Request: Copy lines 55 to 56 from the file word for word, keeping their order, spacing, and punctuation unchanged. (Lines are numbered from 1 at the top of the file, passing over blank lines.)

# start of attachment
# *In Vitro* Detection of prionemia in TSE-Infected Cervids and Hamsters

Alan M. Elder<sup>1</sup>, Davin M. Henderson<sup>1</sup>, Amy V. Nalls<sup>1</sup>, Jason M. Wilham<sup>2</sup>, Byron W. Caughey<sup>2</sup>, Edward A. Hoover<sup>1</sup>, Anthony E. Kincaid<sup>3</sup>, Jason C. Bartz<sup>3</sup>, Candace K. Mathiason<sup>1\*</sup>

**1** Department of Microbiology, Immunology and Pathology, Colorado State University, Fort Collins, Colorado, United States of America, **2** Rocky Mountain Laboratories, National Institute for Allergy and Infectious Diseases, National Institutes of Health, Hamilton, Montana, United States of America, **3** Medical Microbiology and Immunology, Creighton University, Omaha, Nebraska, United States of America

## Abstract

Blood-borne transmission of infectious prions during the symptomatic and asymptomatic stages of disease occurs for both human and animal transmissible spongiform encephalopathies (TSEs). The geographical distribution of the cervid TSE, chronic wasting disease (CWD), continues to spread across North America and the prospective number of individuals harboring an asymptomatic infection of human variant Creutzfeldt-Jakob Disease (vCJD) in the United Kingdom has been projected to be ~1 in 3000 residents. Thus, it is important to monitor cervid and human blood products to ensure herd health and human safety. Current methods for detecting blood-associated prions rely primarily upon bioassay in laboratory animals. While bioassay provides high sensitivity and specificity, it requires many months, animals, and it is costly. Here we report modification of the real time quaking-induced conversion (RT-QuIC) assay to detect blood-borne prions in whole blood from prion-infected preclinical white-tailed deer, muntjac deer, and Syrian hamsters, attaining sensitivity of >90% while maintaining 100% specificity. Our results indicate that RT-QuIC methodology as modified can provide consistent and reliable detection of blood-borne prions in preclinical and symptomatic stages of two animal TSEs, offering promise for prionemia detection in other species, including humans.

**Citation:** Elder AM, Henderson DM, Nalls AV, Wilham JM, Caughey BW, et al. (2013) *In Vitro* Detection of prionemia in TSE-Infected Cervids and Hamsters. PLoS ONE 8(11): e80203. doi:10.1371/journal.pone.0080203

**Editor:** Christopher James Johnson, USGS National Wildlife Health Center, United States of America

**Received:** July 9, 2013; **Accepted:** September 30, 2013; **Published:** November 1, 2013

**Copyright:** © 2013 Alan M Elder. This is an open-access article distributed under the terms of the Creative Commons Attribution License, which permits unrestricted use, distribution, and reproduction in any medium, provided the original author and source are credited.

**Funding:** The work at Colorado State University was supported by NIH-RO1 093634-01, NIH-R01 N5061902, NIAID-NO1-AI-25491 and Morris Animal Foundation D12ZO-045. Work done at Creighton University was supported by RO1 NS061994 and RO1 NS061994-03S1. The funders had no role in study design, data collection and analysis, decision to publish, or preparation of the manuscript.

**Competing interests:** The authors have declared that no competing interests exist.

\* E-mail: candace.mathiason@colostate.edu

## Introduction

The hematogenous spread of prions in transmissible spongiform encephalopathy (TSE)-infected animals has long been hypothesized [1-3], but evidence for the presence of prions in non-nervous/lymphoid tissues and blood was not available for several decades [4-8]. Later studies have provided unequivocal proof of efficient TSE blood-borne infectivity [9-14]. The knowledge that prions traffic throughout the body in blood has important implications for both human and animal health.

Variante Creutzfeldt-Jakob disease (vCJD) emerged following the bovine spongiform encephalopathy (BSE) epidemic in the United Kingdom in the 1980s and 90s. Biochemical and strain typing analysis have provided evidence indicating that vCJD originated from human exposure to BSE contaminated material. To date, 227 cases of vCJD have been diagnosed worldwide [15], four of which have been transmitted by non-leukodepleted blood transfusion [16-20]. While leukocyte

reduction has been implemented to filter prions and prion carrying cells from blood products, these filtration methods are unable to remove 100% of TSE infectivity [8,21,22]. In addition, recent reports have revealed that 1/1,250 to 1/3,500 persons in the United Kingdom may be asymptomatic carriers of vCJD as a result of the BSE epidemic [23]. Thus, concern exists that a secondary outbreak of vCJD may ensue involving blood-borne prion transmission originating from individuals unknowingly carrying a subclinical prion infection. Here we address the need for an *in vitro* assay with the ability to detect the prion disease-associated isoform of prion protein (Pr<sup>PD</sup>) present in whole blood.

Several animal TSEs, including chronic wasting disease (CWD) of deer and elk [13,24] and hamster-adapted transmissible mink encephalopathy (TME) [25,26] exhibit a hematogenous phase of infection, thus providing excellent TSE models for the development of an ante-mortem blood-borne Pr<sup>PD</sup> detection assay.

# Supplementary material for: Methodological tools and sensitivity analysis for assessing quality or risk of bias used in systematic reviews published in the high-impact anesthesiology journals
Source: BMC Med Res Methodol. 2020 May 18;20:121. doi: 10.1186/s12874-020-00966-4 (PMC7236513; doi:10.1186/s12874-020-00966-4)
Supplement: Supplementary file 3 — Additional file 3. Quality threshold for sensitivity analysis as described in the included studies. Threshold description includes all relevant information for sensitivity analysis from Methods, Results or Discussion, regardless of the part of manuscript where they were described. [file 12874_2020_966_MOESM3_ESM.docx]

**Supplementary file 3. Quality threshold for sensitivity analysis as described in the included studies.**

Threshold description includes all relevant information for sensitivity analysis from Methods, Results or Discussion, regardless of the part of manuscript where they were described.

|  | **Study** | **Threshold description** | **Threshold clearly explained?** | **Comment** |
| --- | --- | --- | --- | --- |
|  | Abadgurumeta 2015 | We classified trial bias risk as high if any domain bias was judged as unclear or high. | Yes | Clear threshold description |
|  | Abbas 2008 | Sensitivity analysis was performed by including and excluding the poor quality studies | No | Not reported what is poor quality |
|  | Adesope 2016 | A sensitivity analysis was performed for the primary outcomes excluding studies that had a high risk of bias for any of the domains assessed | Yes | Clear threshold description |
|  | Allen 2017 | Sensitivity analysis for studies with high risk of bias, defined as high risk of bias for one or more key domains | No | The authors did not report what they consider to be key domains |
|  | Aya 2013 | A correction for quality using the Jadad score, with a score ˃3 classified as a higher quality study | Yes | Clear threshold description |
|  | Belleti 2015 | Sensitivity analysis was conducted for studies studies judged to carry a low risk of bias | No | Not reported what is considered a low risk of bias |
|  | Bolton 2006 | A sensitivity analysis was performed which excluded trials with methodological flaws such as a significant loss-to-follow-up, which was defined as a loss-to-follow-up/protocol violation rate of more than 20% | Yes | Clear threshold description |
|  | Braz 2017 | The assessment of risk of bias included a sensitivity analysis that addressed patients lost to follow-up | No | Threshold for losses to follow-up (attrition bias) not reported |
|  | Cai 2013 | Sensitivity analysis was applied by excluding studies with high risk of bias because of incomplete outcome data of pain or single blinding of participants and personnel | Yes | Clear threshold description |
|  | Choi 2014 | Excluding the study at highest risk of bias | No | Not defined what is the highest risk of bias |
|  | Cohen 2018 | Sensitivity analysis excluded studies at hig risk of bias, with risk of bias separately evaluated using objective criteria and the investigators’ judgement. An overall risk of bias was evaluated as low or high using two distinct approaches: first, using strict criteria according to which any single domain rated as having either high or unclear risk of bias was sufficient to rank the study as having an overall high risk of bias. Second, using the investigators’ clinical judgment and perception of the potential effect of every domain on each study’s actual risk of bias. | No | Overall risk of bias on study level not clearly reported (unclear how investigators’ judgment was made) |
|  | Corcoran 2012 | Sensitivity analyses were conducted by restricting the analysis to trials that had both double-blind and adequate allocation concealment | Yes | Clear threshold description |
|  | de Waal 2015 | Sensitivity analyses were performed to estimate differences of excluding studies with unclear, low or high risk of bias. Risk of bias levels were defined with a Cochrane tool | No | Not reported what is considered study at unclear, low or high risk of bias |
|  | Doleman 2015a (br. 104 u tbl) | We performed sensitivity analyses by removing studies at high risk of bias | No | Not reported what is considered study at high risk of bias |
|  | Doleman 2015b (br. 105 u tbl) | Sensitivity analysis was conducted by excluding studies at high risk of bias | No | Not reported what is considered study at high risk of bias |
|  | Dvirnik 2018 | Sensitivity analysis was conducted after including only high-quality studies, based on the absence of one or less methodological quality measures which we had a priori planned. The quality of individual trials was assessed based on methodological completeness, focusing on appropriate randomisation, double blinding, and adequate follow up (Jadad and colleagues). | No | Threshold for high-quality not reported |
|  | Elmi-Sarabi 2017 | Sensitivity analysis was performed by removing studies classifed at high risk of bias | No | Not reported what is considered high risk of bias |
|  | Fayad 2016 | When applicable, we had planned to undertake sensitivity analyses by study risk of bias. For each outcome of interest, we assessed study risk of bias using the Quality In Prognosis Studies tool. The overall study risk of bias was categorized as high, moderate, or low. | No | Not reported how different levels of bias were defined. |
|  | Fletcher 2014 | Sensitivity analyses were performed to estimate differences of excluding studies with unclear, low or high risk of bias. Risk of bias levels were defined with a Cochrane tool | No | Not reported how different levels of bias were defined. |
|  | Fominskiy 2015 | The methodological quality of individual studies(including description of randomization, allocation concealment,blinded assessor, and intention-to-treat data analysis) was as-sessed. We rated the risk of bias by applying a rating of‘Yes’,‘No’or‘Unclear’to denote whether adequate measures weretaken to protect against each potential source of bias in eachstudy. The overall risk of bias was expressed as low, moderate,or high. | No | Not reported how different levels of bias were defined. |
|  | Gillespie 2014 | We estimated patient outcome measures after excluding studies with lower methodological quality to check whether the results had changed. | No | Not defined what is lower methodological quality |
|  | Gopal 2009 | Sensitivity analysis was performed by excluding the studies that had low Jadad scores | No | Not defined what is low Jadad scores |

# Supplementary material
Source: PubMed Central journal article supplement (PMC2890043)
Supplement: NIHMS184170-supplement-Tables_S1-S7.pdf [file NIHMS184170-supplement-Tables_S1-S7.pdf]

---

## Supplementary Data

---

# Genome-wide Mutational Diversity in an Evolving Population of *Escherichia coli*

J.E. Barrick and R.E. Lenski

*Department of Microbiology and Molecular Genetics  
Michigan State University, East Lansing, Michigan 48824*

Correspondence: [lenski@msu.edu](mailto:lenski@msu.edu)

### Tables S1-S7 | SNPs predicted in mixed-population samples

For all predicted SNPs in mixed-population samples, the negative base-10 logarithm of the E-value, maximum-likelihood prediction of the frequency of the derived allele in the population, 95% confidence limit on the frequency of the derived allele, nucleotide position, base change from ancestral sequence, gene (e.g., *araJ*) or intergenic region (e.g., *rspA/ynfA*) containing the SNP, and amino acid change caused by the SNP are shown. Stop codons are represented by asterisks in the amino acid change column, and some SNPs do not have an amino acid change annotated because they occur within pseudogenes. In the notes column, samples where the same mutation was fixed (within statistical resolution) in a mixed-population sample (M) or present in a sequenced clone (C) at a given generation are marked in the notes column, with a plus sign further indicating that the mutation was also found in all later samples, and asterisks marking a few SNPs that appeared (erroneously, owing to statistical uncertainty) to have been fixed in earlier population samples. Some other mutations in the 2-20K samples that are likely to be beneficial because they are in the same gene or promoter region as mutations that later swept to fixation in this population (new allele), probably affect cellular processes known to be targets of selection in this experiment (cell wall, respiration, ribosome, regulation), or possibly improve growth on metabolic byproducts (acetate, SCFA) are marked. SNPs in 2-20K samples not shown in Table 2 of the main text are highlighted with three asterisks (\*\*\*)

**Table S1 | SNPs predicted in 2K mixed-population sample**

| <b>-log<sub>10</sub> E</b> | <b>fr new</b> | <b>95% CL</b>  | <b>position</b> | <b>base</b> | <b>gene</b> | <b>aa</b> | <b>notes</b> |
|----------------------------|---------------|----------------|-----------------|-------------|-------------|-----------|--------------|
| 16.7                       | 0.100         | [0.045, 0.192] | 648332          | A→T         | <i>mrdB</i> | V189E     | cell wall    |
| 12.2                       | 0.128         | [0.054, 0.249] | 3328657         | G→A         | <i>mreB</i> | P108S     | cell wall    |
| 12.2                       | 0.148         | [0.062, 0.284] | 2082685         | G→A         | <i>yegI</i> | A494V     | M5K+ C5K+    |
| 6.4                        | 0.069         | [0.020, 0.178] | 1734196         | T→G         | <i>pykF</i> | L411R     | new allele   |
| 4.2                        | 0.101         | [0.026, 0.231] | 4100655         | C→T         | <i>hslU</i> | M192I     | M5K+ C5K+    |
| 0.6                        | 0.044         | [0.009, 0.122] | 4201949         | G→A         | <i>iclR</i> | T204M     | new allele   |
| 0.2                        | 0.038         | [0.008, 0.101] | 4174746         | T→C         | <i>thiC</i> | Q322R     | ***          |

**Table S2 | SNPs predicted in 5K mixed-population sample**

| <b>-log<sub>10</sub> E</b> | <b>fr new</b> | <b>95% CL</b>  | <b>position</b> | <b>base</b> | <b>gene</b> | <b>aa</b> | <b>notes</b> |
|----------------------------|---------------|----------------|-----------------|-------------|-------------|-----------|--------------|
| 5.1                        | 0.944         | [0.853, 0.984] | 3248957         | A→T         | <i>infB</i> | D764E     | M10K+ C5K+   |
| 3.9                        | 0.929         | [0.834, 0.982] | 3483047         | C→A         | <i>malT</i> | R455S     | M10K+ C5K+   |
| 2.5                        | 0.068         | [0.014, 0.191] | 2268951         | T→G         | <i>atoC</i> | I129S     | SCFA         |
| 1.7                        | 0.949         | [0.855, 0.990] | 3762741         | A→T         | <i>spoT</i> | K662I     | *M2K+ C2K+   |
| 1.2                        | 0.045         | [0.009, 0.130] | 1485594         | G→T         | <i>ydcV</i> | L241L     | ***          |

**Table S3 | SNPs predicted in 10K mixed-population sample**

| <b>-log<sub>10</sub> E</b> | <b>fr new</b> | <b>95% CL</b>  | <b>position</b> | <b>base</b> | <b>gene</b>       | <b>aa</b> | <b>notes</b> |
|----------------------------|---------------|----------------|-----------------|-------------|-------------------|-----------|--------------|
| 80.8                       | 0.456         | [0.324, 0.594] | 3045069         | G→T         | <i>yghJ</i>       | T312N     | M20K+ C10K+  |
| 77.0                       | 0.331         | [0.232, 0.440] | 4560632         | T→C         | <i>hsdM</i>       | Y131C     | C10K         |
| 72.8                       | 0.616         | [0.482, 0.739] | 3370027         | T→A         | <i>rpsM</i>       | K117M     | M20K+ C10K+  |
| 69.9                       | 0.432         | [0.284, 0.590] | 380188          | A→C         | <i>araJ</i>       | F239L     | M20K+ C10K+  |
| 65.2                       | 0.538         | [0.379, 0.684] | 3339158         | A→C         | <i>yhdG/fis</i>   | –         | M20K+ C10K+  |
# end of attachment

*Department of Microbiology and Molecular Genetics  
Michigan State University, East Lansing, Michigan 48824*